Minos' daughter Ariadne fell in love with Theseus at first sight. "I will help you to kill my half-brother, the Minotaur" she secretly promised him, "if I may return to Athens with you as your wife". This offer Theseus gladly accepted, and swore to marry her. Now before Daedalus left Crete, he had given Ariadne a magic ball of thread, and instructed her how to enter and leave the Labyrinth. She must open the entrance door and tie the loose end of the thread to the lintel; the ball would then roll along, diminishing as it went and making, with devious twists and turns, for the innermost recess where the Minotaur was lodged. This ball Ariadne gave to Theseus, and instructed him to follow it until he reached the sleeping monster, whom he must seize by the hair and sacrifice to Poseidon. He could then find his way back by rolling up the thread into a ball again. That same night Theseus did as he was told. Abridged excerpt from Robert Graves - The Greek Myths - Collins.
1572 Venetian map of Candia (Crete) by Tommaso Porcacchi showing the Labyrinth
One of the most popular tales of the ancient world involved the Minotaur, Theseus, Ariadne and the Labyrinth; Emperor Domitian decorated his palace with a fountain resembling the Labyrinth and floor mosaics depicting the Labyrinth have been found in many Roman villas (see that at Sabratha). The myth of the Labyrinth became popular again during the Renaissance; many villas had box hedge mazes for the amusement of the guests. The site of the actual Labyrinth was unknown, but cartographers felt obliged to show it in their maps of Crete at the centre of the island.
(above) Great Courtyard; (below) Theatre
In 1874 Heinrich Schliemann, a German businessman and amateur archaeologist, announced he had found the ruins of ancient Troy at Hisarlik, a site on the Anatolian coast opposite Tenedos. Two years later Schliemann found what he thought was the golden funerary mask of Agamemnon at Mycenae. These discoveries brought Schliemann great fame and they led other unprofessional archaeologists to undertake excavations in Greece.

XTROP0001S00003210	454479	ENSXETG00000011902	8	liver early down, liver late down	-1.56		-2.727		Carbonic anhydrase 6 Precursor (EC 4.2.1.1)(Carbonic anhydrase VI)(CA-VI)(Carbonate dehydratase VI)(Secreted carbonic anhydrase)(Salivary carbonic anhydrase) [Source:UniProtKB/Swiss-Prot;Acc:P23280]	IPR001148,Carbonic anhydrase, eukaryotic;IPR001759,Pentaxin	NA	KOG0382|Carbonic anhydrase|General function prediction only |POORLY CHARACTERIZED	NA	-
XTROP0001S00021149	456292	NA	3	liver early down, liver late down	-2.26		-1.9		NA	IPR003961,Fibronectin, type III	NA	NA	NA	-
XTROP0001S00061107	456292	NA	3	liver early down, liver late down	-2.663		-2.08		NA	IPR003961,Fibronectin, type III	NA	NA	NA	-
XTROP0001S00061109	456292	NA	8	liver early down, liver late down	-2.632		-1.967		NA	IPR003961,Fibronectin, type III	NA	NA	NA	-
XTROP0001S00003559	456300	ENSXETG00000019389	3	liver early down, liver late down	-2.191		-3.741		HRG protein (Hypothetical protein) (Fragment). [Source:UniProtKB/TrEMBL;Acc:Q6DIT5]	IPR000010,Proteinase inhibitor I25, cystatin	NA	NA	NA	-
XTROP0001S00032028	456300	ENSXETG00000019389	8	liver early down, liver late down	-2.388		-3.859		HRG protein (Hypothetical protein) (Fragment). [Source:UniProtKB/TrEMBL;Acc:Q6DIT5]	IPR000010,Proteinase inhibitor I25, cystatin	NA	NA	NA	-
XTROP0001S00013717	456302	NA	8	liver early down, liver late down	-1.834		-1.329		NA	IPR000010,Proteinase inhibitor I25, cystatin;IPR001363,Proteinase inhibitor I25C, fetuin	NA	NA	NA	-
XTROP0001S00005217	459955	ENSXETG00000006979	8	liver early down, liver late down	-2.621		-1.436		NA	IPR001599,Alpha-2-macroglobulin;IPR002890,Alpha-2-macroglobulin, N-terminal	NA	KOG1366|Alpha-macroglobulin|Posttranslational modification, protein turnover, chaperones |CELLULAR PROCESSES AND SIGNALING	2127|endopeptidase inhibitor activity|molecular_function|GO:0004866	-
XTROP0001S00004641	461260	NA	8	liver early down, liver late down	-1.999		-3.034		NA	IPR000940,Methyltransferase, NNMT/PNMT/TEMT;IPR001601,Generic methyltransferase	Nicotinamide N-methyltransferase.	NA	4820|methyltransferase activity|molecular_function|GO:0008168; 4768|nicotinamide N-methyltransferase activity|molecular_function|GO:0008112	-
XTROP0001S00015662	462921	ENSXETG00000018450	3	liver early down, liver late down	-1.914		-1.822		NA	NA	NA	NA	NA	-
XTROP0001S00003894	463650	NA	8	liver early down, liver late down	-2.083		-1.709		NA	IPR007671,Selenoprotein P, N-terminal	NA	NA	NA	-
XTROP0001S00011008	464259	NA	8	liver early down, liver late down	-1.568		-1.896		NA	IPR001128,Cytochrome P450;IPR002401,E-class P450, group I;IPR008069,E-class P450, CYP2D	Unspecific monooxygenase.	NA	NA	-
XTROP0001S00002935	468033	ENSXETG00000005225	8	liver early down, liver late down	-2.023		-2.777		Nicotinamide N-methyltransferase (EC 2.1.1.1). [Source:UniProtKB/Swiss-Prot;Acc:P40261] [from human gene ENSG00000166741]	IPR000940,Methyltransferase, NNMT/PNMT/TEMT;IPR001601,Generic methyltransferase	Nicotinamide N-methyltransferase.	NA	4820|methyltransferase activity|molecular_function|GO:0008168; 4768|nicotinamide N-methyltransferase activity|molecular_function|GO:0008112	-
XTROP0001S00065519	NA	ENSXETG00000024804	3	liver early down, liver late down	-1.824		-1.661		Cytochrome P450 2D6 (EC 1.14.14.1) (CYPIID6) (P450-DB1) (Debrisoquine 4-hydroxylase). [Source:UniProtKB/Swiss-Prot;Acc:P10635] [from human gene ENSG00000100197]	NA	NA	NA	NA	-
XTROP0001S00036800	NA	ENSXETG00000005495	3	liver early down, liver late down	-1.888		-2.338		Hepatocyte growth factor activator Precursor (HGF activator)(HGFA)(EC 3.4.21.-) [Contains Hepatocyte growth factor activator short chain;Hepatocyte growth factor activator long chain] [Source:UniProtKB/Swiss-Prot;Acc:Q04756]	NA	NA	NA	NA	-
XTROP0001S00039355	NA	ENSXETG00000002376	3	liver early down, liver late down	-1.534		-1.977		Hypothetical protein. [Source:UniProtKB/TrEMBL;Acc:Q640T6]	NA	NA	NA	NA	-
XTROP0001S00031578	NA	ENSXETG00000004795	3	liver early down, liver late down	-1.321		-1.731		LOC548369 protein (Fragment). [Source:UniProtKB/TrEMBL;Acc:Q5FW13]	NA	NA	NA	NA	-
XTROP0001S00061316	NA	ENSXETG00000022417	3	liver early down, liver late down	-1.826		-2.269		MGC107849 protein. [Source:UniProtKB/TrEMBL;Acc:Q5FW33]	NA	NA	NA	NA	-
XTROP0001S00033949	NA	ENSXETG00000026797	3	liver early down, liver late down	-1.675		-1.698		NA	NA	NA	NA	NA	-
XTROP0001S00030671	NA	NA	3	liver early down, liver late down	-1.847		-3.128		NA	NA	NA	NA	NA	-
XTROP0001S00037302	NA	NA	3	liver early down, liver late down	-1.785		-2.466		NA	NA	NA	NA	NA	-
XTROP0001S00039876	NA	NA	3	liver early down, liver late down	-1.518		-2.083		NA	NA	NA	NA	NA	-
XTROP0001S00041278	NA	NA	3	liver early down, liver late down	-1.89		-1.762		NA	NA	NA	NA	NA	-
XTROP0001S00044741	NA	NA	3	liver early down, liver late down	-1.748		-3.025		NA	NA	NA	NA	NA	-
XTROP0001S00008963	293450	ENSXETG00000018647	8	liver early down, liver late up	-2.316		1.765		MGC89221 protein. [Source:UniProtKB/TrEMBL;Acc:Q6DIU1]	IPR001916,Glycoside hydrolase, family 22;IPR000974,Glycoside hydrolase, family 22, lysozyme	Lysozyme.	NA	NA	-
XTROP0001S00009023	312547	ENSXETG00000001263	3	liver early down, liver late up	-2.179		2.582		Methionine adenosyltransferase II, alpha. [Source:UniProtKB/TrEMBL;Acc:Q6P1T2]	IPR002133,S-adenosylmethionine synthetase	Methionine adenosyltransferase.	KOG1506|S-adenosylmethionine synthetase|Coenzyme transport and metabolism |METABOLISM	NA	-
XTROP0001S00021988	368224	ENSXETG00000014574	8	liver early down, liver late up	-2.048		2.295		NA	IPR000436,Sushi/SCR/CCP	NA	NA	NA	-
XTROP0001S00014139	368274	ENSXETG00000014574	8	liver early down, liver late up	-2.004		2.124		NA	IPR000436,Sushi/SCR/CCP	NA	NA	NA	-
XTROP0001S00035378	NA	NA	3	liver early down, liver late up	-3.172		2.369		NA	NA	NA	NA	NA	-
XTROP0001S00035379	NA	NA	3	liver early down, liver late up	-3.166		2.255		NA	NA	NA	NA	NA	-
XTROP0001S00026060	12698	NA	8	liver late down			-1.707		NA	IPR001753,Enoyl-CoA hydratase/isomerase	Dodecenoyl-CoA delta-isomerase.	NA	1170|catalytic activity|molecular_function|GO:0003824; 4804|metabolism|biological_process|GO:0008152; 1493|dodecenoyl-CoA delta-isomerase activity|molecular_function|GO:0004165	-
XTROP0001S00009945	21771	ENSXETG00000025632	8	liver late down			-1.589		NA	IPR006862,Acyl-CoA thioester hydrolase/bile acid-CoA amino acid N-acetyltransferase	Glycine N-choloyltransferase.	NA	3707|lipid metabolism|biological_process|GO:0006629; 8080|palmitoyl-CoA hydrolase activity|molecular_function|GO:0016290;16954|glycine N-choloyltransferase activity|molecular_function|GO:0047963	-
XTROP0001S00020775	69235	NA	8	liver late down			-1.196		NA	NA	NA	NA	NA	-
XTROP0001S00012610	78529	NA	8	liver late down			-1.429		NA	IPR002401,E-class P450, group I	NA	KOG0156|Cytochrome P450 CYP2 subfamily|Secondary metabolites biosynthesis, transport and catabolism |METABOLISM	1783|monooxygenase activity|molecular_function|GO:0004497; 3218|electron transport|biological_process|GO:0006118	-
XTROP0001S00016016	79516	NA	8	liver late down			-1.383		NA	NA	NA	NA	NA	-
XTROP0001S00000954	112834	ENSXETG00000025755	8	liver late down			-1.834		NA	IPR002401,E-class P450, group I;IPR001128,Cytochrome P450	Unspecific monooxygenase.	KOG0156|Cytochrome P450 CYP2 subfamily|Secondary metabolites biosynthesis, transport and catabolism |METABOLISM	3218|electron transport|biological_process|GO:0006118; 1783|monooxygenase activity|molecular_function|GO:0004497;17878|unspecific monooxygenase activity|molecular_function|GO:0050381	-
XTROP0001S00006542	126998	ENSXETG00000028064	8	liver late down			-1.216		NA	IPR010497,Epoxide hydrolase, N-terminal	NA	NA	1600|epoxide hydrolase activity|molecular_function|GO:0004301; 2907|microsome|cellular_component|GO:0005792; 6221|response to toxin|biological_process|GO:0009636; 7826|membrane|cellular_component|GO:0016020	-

In 1878 ruins of ancient buildings were discovered south of Iraklion, but excavations did not go ahead because of the opposition of local Ottoman authorities. In 1898 Crete became a sort of independent state, although it remained under the formal suzerainty of the Ottoman Sultan; Great Britain, France, Russia and Italy sent troops to maintain order after a series of clashes between Christian Orthodox and Muslims; a civilian government was headed by Prince George, the second son of the King of Greece. In this precarious political system, Arthur Evans, a British self-taught archaeologist, was able to purchase the land where the ruins had been discovered and to start a large scale excavation campaign.
Reconstructed Northern Propylaea
Evans was not held accountable by any local authority about the way he was conducting the excavations and the soundness of the claims he was making about his findings. Evans announced he had discovered the Palace of King Minos, the mythical father of the Minotaur and Ariadne. Today archaeologists regard the very complex ruins of Knossos as an administrative and storage centre, rather than just a royal residence. The actual site of the Labyrinth was never found, but the layout of Knossos with its many small buildings and narrow passages resembles a labyrinth.